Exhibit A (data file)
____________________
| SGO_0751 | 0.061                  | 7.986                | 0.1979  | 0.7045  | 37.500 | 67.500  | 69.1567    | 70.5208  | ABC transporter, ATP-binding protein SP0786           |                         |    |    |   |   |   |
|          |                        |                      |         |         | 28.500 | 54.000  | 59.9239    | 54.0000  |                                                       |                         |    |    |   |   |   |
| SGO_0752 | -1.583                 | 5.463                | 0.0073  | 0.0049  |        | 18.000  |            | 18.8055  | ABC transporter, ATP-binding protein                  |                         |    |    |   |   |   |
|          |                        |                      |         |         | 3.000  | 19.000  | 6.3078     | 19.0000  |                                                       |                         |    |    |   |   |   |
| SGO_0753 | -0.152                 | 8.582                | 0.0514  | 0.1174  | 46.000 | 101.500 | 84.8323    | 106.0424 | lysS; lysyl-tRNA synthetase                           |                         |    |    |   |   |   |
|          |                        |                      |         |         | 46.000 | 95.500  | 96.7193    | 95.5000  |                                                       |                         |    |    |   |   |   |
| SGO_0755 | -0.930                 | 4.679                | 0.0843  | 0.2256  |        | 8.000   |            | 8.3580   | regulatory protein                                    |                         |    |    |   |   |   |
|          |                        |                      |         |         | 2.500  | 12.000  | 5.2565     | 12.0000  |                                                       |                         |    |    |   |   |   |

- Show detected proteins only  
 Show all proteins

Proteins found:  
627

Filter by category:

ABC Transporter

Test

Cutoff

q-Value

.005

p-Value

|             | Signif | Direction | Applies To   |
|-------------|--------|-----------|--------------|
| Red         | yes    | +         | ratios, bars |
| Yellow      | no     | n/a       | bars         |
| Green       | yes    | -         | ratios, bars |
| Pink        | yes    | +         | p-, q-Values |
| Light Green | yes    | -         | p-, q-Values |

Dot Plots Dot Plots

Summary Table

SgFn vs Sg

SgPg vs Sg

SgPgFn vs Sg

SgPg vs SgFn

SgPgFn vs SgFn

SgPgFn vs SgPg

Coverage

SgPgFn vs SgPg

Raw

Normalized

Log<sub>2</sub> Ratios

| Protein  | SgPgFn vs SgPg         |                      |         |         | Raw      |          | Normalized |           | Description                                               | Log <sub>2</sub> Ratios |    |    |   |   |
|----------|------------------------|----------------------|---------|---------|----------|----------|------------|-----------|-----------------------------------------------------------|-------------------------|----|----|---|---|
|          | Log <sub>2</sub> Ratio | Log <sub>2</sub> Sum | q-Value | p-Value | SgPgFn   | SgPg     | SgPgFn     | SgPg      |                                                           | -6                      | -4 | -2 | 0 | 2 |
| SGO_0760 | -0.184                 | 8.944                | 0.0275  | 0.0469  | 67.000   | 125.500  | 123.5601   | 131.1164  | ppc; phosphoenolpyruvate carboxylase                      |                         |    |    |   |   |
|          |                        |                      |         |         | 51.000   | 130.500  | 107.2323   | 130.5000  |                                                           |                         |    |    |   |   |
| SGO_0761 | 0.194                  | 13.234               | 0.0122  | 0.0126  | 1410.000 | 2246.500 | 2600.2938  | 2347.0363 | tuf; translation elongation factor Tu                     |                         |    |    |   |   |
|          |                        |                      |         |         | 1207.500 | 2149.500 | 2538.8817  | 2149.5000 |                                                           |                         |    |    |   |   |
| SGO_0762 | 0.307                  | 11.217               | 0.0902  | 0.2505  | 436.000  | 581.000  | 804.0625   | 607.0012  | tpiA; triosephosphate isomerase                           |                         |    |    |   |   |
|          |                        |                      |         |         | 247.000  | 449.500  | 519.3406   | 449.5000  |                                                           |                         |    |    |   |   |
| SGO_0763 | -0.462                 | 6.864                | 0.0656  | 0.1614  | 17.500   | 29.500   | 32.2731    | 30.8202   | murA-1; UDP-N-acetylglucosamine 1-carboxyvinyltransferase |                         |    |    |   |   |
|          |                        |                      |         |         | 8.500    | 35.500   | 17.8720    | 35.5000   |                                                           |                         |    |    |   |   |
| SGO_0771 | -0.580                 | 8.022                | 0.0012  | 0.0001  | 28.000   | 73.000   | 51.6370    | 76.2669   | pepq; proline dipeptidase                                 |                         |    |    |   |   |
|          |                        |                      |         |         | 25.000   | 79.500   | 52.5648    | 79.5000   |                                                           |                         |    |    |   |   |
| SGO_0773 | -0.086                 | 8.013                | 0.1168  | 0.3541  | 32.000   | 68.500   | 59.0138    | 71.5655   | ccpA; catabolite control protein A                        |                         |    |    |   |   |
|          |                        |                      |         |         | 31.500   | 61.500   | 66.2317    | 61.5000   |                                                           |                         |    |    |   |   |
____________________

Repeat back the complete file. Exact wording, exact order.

| SGO_0751 | 0.061                  | 7.986                | 0.1979  | 0.7045  | 37.500 | 67.500  | 69.1567    | 70.5208  | ABC transporter, ATP-binding protein SP0786           |                         |    |    |   |   |   |
|          |                        |                      |         |         | 28.500 | 54.000  | 59.9239    | 54.0000  |                                                       |                         |    |    |   |   |   |
| SGO_0752 | -1.583                 | 5.463                | 0.0073  | 0.0049  |        | 18.000  |            | 18.8055  | ABC transporter, ATP-binding protein                  |                         |    |    |   |   |   |
|          |                        |                      |         |         | 3.000  | 19.000  | 6.3078     | 19.0000  |                                                       |                         |    |    |   |   |   |
| SGO_0753 | -0.152                 | 8.582                | 0.0514  | 0.1174  | 46.000 | 101.500 | 84.8323    | 106.0424 | lysS; lysyl-tRNA synthetase                           |                         |    |    |   |   |   |
|          |                        |                      |         |         | 46.000 | 95.500  | 96.7193    | 95.5000  |                                                       |                         |    |    |   |   |   |
| SGO_0755 | -0.930                 | 4.679                | 0.0843  | 0.2256  |        | 8.000   |            | 8.3580   | regulatory protein                                    |                         |    |    |   |   |   |
|          |                        |                      |         |         | 2.500  | 12.000  | 5.2565     | 12.0000  |                                                       |                         |    |    |   |   |   |

- Show detected proteins only  
 Show all proteins

Proteins found:  
627

Filter by category:

ABC Transporter

Test

Cutoff

q-Value

.005

p-Value

|             | Signif | Direction | Applies To   |
|-------------|--------|-----------|--------------|
| Red         | yes    | +         | ratios, bars |
| Yellow      | no     | n/a       | bars         |
| Green       | yes    | -         | ratios, bars |
| Pink        | yes    | +         | p-, q-Values |
| Light Green | yes    | -         | p-, q-Values |

Dot Plots Dot Plots

Summary Table

SgFn vs Sg

SgPg vs Sg

SgPgFn vs Sg

SgPg vs SgFn

SgPgFn vs SgFn

SgPgFn vs SgPg

Coverage

SgPgFn vs SgPg

Raw

Normalized

Log<sub>2</sub> Ratios

| Protein  | SgPgFn vs SgPg         |                      |         |         | Raw      |          | Normalized |           | Description                                               | Log <sub>2</sub> Ratios |    |    |   |   |
|----------|------------------------|----------------------|---------|---------|----------|----------|------------|-----------|-----------------------------------------------------------|-------------------------|----|----|---|---|
|          | Log <sub>2</sub> Ratio | Log <sub>2</sub> Sum | q-Value | p-Value | SgPgFn   | SgPg     | SgPgFn     | SgPg      |                                                           | -6                      | -4 | -2 | 0 | 2 |
| SGO_0760 | -0.184                 | 8.944                | 0.0275  | 0.0469  | 67.000   | 125.500  | 123.5601   | 131.1164  | ppc; phosphoenolpyruvate carboxylase                      |                         |    |    |   |   |
|          |                        |                      |         |         | 51.000   | 130.500  | 107.2323   | 130.5000  |                                                           |                         |    |    |   |   |
| SGO_0761 | 0.194                  | 13.234               | 0.0122  | 0.0126  | 1410.000 | 2246.500 | 2600.2938  | 2347.0363 | tuf; translation elongation factor Tu                     |                         |    |    |   |   |
|          |                        |                      |         |         | 1207.500 | 2149.500 | 2538.8817  | 2149.5000 |                                                           |                         |    |    |   |   |
| SGO_0762 | 0.307                  | 11.217               | 0.0902  | 0.2505  | 436.000  | 581.000  | 804.0625   | 607.0012  | tpiA; triosephosphate isomerase                           |                         |    |    |   |   |
|          |                        |                      |         |         | 247.000  | 449.500  | 519.3406   | 449.5000  |                                                           |                         |    |    |   |   |
| SGO_0763 | -0.462                 | 6.864                | 0.0656  | 0.1614  | 17.500   | 29.500   | 32.2731    | 30.8202   | murA-1; UDP-N-acetylglucosamine 1-carboxyvinyltransferase |                         |    |    |   |   |
|          |                        |                      |         |         | 8.500    | 35.500   | 17.8720    | 35.5000   |                                                           |                         |    |    |   |   |
| SGO_0771 | -0.580                 | 8.022                | 0.0012  | 0.0001  | 28.000   | 73.000   | 51.6370    | 76.2669   | pepq; proline dipeptidase                                 |                         |    |    |   |   |
|          |                        |                      |         |         | 25.000   | 79.500   | 52.5648    | 79.5000   |                                                           |                         |    |    |   |   |
| SGO_0773 | -0.086                 | 8.013                | 0.1168  | 0.3541  | 32.000   | 68.500   | 59.0138    | 71.5655   | ccpA; catabolite control protein A                        |                         |    |    |   |   |
|          |                        |                      |         |         | 31.500   | 61.500   | 66.2317    | 61.5000   |                                                           |                         |    |    |   |   |